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Woodland Gnome 2015


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About woodlandgnome

Lifelong teacher and gardener.

16 responses to “Manifest Beauty

  1. Our redbud came to us as a mere whip from the Arbor Society. I always enjoy the heart-shaped leaves, and this year it is blooming for the first time. The way the blooms sprout straight from the branches surprised me. What fun to acquire all of this extra information.

  2. Redbuds are such a gorgeous tree! I’ve loved seeing all the redbuds and dogwoods during my visit to the South. They truly light up the forest, a wonderful sight to see. ❤

    • So glad you’ve been here to enjoy their beauty, Eliza, and especially glad since there is still snow back home in MA 😉 Hope you are having a wonderful time. Are you seeing the Azaleas as well? Ours are just showing color in the bud. Such excitement in the garden now! ❤

  3. A wonderful post. I share your delight in redbuds. This year they seem to be more colorful than ever. Have you seen ‘Forest Pansy’ redbud? It has dark purple/red leaves with the same wonderful flowers. I had one in my Chapel Hill garden which was beautiful, but just didn’t have the space in my current garden.

    • Thank you, John. I had thought them especially vivid this year, too. They just reach out and grab your attention here. I made a road trip on Saturday and thoroughly enjoyed seeing them in the edge of the woods along the way- I have seen C. ‘Forest Pansy’ in photos only. I’m so sorry you don’t have room for one now. Our friends at the local garden center gave me a hybrid Cercis a few years back, and I don’t recall the cultivar. I believe its new leaves are more golden than the species- not the Forest Pansy, however. By the way, I was born in CH while dad was a student at Duke. My mother talks about their long walks in the Duke gardens trying to hurry up my arrival. Maybe that helps to explain my horticultural obsessions- all of that pre-natal influence of those magnificent gardens 😉 Hope you enjoy the day, John 😉 WG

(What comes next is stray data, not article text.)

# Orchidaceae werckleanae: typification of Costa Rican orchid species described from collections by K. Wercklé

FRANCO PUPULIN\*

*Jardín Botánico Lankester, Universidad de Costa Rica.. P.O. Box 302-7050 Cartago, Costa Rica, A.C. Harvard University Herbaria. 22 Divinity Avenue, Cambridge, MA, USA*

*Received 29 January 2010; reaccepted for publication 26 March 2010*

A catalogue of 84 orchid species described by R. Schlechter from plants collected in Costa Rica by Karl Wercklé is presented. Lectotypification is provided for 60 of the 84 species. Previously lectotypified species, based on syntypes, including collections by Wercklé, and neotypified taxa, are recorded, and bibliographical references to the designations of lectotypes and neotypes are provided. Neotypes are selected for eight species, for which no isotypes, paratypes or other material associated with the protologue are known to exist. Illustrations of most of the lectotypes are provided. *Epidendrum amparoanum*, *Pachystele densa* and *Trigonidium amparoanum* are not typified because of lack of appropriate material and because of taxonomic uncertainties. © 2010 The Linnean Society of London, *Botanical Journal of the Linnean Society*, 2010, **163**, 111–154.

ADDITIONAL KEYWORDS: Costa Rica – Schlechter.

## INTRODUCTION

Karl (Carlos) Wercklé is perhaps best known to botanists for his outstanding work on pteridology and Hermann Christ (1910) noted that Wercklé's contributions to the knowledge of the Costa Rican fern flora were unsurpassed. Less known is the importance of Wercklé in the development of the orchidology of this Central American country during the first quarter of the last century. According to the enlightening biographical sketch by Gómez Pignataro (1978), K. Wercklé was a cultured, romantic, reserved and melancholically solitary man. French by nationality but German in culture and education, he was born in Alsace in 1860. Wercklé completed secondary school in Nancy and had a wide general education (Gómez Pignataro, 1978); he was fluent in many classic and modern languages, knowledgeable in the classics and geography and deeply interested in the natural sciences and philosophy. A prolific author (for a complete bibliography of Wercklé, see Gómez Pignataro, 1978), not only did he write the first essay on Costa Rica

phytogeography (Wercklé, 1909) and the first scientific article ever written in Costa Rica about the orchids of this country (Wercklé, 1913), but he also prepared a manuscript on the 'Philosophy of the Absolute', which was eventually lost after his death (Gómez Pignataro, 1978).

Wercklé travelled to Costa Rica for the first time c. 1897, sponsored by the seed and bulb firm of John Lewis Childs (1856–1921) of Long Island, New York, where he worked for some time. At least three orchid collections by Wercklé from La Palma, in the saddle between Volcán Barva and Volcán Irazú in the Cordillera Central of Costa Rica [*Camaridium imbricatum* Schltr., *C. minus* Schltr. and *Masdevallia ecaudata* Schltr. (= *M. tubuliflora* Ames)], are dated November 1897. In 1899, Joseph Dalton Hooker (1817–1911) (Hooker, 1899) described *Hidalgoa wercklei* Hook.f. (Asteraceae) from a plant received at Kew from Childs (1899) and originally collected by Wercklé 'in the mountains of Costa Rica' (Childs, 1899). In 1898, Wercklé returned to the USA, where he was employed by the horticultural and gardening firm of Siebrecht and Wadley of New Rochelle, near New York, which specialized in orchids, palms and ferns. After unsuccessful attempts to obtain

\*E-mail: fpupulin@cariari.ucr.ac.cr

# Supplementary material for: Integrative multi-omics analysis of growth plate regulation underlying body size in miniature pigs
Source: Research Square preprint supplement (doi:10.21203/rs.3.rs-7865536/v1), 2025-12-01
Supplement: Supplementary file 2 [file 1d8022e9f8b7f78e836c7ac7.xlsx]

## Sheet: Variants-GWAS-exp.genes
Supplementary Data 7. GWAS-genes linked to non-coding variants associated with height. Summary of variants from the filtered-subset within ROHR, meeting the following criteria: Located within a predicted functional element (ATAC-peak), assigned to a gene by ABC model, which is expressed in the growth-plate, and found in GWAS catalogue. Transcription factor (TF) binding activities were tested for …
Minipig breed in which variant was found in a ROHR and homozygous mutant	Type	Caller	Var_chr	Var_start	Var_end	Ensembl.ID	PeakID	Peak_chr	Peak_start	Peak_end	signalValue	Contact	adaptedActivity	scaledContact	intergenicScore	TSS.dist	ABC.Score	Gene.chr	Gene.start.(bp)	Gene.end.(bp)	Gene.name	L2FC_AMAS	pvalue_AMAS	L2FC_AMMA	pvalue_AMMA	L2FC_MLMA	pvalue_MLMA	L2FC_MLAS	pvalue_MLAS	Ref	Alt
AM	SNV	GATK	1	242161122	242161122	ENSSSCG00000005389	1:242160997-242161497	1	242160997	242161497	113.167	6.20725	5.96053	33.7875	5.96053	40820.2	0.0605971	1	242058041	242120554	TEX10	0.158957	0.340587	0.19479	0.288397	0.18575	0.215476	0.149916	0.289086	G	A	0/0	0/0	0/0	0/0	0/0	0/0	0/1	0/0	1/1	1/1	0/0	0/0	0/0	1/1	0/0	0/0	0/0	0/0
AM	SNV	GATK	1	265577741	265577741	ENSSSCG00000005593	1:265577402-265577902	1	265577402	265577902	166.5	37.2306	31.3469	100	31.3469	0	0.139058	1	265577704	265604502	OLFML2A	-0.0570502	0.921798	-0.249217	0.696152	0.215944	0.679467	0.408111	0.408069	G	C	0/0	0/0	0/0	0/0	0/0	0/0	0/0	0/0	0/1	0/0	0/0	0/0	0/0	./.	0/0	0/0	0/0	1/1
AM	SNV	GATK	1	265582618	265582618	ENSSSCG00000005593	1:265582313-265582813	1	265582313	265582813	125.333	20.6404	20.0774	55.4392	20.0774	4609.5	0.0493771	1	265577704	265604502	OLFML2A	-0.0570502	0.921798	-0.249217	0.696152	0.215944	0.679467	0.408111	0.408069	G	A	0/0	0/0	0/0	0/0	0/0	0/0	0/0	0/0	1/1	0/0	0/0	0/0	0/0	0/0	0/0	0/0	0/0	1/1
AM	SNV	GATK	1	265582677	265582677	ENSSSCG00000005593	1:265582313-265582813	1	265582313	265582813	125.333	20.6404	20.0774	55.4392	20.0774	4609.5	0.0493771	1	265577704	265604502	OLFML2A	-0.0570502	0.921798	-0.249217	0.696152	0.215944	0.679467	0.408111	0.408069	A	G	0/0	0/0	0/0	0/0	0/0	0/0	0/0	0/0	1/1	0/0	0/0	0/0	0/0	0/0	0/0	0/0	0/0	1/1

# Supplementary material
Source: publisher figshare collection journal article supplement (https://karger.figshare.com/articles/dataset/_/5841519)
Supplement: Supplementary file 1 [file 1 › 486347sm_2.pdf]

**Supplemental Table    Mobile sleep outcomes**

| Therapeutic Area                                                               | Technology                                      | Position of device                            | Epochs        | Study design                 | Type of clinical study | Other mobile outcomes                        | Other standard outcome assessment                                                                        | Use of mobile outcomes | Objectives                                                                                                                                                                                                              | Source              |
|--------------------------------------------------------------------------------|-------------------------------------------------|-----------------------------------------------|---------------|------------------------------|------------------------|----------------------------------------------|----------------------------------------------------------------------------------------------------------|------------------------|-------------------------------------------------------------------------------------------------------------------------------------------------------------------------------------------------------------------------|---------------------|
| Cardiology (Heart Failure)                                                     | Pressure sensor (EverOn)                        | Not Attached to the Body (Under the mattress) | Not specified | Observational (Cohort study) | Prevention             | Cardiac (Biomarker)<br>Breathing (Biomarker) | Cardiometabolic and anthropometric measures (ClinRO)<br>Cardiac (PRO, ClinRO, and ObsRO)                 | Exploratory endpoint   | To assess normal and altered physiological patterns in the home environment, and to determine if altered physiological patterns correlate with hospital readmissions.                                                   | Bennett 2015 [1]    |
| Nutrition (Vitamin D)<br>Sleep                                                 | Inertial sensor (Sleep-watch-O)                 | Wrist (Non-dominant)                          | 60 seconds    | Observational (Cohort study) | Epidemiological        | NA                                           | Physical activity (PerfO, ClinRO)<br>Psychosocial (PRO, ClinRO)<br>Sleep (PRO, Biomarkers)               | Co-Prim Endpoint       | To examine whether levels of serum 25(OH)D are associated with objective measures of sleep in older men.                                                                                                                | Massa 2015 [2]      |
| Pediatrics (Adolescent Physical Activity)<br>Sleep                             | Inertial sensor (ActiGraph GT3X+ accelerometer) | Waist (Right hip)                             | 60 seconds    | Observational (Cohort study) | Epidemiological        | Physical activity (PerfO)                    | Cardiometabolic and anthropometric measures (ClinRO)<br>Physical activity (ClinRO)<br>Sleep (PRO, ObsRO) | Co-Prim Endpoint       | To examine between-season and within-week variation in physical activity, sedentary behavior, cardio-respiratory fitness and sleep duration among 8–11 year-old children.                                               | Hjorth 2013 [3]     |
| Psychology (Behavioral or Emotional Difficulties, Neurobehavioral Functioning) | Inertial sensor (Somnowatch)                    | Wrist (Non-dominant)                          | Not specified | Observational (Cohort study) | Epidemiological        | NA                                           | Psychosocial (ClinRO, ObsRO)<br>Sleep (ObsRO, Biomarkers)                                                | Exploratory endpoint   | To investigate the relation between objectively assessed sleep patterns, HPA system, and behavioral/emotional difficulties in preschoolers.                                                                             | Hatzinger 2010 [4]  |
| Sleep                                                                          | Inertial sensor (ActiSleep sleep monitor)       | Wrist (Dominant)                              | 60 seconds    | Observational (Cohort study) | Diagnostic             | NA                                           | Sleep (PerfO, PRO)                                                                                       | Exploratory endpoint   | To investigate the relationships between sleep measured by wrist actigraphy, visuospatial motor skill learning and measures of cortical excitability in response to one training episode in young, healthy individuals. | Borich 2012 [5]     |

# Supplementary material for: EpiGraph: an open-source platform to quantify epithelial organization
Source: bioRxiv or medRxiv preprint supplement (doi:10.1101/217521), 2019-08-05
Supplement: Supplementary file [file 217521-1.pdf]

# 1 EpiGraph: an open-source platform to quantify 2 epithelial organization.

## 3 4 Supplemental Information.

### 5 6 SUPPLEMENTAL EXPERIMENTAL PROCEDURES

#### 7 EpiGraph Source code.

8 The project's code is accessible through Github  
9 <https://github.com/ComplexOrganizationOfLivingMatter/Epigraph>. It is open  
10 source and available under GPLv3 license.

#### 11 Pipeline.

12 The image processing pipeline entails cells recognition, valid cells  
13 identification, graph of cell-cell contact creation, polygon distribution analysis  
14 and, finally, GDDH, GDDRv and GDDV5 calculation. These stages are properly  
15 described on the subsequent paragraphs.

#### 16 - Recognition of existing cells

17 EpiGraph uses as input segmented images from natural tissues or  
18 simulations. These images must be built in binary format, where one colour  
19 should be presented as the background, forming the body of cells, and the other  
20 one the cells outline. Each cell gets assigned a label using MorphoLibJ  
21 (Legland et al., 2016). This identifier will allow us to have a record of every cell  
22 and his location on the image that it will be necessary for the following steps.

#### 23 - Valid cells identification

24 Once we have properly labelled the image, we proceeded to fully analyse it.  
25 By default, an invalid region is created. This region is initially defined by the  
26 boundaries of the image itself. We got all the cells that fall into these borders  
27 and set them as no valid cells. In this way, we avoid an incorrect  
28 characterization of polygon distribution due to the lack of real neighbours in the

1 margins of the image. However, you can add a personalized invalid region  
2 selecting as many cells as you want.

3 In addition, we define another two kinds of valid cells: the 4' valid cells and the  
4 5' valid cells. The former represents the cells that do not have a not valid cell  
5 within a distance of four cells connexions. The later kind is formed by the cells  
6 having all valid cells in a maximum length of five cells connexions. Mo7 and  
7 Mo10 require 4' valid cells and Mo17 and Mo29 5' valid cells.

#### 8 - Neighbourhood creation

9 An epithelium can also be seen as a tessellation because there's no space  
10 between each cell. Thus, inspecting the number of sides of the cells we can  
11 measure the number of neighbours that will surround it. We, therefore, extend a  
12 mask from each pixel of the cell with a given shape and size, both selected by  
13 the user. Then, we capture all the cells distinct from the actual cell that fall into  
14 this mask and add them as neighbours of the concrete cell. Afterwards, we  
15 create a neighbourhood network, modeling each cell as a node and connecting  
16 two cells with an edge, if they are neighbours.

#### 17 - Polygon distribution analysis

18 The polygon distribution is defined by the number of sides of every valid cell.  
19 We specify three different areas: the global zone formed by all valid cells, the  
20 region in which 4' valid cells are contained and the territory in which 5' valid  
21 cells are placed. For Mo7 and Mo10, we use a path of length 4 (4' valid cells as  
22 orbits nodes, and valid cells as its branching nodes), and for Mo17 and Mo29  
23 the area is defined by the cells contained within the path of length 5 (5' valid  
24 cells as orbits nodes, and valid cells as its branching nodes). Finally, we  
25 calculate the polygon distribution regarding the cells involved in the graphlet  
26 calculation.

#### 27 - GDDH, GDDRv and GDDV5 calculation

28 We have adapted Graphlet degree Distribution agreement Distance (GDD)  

4. What a fine introduction to the redbud tree. This reminds me of why naturalists fret about the approach of their destiny, . . . they don’t want to contemplate forever missing the beauty and elegance of such springtime blooms . . . .

    • Beautifully said, Jeffrey 😉 Cathy just mentioned the Cercis Siliquastrum native around the Mediterranean. I would assume they are butterfly magnets, as are ours. By the way, I spotted our first Eastern Swallowtail butterfly of the season yesterday. What a gorgeous sight after the long winter! Best wishes, WG

      • Oh, if things were turned around, I would have sought that Mediterranean Cercis. The Middle East also had a wet winter, and when I was there March 9-29, there were carpets of bloom everywhere, and I shot quite a few rare to rarer wildflowers. There’s a town in western Penna named Redbud. Good choice of name, No? I have to say again . . . That was a good post, WG.

        • Thank you, Jeffrey 😉 To see carpets of bloom in such a stark landscape must have been breathtaking. Always a delight to find wildflowers- especially rare ones seldom seen. Redbud is a lovely name for a town- wonder why we don’t see that name more often here in the US… I’ll check back through your archives for those photos. Hope you are enjoying the day 😉 WG

  5. After reading your description I realised these are what we call Judas Trees! Rarely grown here, possibly as they are not reliably hardy enough, and they must be a native Southern European sort here as they are common in the warmer Mediterranean regions. Yes, they are lovely – for so many reasons. Great photos!

    • Thank you, Cathy. I’ve heard of ‘Judas Tree,’ but never knew what they were. And now I see that it is the native European species of the same Cercis which we enjoy, Cercis siliquastrum looks nearly identical to Cercis canadensis- even down to the shape of the leaves and the white cultivars. Sources I looked up say it is hardy north to around Zone 5- but apparently is native around the Mediterranean. There are actually several other species of Cercis available … which is nice to know. Such beautiful and useful little trees 😉